• 55. software will cease to perform unless it is maintained on a daily basis. Googlemust continuously crawl the web and update its indices, continuously filterout link spam and other attempts to influence its results, and continuously anddynamically respond to hundreds of millions of asynchronous user queries,simultaneously matching them with context-appropriate advertisements. It’s no accident that Google’s system administration, networking, andload-balancing techniques are perhaps even more closely guarded secretsthan are their search algorithms. Google’s success at automating these pro-cesses is a key part of its cost advantage over competitors. It’s also no accident that scripting languages such as Perl, Python, PHP,and now Ruby play such a large role at Web 2.0 companies. Perl was famouslydescribed by Hassan Schroeder, Sun’s first webmaster, as “the duct tape of theInternet.” Dynamic languages (often called scripting languages and lookeddown on by the software engineers of the era of software artifacts) are thetool of choice for system and network administrators, as well as for applica-tion developers building dynamic systems that require constant change. Users must be treated as codevelopers, in a reflection of open-source devel-opment practices (even if the software in question is unlikely to be releasedunder an open-source license). The open-source dictum, “release early andrelease often,” in fact has morphed into an even more radical position, “theperpetual beta,” in which the product is developed in the open, with new fea-tures slipstreamed in on a monthly, weekly, or even daily basis. It’s no acci-dent that services such as Gmail, Google Maps, Flickr, del.icio.us, and thelike may be expected to bear a “Beta” logo for years at a time. Real-time monitoring of user behavior to see just which new features areused, and how they are used, thus becomes another required core compe-tency. A web developer at a major online service remarked, “We put up twoor three new features on some part of the site every day, and if users don’tadopt them, we take them down. If they like them, we roll them out to theentire site.” Cal Henderson, the lead developer of Flickr, recently revealed that the com-pany deploys new builds up to every half hour.13 This is clearly a radically dif-ferent development model! While not all web applications are developed in asextreme a style as Flickr, almost all web applications have a development cyclethat is radically unlike anything from the PC or client-server era. It is for thisreason that a recent ZDNet editorial concluded that Microsoft won’t be ableto beat Google: “Microsoft’s business model depends on everyone upgradingtheir computing environment every two to three years. Google’s depends oneveryone exploring what’s new in their computing environment every day.”14 What Is Web 2.0? | 45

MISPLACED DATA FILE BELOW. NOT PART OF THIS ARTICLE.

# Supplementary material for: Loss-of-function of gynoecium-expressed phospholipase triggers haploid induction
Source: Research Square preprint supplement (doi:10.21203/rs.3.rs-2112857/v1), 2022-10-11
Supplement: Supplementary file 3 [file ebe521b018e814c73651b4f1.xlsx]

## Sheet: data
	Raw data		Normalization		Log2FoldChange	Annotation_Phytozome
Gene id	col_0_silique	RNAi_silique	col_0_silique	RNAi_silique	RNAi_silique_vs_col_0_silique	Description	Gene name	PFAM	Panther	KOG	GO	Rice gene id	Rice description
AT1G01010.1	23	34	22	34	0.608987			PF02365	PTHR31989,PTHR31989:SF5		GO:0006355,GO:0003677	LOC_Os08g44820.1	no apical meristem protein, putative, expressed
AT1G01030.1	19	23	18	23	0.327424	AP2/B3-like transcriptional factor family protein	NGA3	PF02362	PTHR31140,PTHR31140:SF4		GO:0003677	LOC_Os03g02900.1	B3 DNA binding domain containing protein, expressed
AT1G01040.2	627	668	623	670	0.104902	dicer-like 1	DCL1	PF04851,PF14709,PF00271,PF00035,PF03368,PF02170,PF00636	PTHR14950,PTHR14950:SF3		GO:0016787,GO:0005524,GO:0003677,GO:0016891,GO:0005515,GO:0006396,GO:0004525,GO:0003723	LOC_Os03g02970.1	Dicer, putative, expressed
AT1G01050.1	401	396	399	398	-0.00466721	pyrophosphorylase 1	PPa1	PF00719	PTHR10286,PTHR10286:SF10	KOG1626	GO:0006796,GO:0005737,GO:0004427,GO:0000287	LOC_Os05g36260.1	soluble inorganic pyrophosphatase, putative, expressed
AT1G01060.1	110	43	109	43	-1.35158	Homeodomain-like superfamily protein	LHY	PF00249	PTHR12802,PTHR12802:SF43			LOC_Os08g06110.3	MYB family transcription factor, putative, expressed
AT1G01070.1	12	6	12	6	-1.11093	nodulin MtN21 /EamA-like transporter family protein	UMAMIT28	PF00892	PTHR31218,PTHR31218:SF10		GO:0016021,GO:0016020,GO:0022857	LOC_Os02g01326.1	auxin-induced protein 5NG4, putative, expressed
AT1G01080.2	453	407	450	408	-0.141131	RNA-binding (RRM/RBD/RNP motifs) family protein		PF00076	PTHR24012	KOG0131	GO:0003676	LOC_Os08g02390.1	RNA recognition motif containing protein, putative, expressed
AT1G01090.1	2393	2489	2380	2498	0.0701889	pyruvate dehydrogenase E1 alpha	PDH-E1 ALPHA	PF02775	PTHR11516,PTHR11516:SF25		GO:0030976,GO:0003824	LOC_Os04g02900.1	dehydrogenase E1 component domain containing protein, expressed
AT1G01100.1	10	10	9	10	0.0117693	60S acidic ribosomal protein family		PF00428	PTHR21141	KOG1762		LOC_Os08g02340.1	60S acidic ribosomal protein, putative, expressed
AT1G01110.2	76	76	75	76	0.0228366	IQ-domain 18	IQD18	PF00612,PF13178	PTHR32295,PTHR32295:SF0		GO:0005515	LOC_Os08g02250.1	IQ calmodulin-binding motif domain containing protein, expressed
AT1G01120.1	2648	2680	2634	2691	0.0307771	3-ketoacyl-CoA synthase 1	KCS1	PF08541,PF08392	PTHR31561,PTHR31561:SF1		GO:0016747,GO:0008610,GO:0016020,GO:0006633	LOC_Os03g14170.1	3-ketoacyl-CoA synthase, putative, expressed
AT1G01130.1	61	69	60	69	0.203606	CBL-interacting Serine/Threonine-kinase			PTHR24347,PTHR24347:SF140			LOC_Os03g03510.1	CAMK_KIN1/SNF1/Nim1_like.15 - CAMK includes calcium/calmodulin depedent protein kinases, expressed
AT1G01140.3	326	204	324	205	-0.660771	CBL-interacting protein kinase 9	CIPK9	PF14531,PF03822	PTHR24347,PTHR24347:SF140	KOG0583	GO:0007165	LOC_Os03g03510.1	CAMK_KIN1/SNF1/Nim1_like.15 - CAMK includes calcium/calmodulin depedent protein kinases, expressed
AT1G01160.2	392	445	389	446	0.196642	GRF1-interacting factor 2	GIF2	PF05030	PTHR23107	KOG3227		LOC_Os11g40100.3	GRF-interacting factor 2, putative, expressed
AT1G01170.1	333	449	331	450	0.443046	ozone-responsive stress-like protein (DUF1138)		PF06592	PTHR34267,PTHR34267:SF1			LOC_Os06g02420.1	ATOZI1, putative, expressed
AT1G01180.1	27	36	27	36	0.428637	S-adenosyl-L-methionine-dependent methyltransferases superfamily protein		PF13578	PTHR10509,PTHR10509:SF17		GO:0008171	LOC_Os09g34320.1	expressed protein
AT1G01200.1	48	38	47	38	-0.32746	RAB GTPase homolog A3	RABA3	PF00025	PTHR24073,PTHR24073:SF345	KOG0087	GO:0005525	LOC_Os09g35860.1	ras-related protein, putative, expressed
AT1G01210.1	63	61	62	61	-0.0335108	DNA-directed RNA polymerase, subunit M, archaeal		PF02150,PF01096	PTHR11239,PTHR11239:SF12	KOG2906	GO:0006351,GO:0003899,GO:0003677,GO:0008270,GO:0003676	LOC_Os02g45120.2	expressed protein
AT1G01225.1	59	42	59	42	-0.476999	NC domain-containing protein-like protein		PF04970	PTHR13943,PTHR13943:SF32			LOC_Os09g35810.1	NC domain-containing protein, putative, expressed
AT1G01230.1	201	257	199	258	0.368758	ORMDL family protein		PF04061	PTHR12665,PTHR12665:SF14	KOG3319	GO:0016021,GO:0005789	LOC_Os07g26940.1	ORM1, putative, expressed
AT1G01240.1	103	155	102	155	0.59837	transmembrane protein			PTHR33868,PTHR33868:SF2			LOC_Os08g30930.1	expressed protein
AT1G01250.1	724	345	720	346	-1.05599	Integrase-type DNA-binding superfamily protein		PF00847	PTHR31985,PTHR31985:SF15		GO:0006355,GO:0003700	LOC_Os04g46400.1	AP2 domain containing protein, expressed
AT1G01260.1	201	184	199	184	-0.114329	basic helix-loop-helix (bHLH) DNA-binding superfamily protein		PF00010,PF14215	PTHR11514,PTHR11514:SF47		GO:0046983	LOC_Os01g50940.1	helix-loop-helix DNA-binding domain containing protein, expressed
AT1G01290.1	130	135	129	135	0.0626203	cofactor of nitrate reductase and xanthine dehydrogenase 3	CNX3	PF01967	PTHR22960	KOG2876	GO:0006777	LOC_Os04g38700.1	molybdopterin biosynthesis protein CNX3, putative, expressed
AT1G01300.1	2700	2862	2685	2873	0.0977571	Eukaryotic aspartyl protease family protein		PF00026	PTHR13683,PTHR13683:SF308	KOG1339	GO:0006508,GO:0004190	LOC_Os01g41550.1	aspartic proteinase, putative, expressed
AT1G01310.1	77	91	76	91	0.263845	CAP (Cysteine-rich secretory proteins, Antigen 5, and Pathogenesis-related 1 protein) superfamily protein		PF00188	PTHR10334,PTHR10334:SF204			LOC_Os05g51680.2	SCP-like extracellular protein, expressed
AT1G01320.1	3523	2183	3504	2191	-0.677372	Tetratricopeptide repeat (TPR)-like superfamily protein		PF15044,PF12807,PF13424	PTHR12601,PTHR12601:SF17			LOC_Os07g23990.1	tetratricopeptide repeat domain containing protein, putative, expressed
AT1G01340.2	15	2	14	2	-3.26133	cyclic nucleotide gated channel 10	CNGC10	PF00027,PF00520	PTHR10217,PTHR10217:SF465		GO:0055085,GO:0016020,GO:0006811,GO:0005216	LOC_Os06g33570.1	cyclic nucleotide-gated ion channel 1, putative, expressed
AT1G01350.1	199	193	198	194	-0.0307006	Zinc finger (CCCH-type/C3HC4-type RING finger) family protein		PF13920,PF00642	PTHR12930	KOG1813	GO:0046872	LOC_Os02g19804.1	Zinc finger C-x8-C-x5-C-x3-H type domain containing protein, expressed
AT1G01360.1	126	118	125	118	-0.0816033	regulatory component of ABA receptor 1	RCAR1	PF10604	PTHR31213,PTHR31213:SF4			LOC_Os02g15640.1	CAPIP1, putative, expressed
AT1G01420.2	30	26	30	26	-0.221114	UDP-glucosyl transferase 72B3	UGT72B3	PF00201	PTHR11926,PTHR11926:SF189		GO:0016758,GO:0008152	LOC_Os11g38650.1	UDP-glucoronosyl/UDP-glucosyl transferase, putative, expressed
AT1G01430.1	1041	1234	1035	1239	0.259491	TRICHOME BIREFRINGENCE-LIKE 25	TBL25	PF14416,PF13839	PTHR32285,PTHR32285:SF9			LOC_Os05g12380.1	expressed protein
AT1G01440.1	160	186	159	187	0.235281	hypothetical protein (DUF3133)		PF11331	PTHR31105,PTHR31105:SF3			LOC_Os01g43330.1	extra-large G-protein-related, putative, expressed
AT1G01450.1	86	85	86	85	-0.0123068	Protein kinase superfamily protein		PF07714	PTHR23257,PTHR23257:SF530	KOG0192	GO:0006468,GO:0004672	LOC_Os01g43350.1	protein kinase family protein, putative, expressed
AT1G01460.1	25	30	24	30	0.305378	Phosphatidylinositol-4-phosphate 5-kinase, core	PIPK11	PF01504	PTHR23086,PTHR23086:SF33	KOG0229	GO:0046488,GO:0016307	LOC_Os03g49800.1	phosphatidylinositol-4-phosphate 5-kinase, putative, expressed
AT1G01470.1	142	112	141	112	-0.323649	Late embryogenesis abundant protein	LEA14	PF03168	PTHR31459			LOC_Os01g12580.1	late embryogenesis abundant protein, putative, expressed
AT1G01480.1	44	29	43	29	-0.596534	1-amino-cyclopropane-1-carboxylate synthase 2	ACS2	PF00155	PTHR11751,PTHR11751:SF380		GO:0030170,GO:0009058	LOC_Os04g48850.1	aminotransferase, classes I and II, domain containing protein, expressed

• 56. While Microsoft has demonstrated enormous ability to learn from andultimately best its competition, there’s no question that this time, thecompetition will require Microsoft (and by extension, every other exist-ing software company) to become a deeply different kind of company.Native Web 2.0 companies enjoy a natural advantage, as they don’t haveold patterns (and corresponding business models and revenue sources)to shed. 5. Lightweight Programming ModelsOnce the idea of web services became au courant, large companies jumpedinto the fray with a complex web-services stack designed to create highlyreliable programming environments for distributed applications. But much as the web succeeded precisely because it overthrew much ofhypertext theory, substituting a simple pragmatism for ideal design, RSShas become perhaps the single most widely deployed web service becauseof its simplicity, while the complex corporate web-services stacks have yet toachieve wide deployment. Similarly, Amazon.com’s web services are provided in two forms: oneadhering to the formalisms of the SOAP (Simple Object Access Protocol)web-services stack, the other simply providing XML data over HTTP, in alightweight approach sometimes referred to as REST (Representational StateTransfer). While high-value business-to-business (B2B) connections (likethose between Amazon and retail partners like Toys “R” Us) use the SOAPstack, Amazon reports that 95 percent of the usage is of the lightweight RESTservice. This same quest for simplicity can be seen in other “organic” web services.Google’s recent release of Google Maps is a case in point. Google Maps’ sim-ple AJAX (Javascript and XML) interface was quickly decrypted by hackers,who then proceeded to remix the data into new services. Mapping-related web services had been available for some time from GISvendors such as ESRI as well as from MapQuest and Microsoft MapPoint.But Google Maps set the world on fire because of its simplicity. While experi-menting with any of the formal vendor-supported web services required aformal contract between the parties, the way Google Maps was implementedleft the data for the taking, and hackers soon found ways to creatively reusethat data. There are several significant lessons here:46 | Tim O’Reilly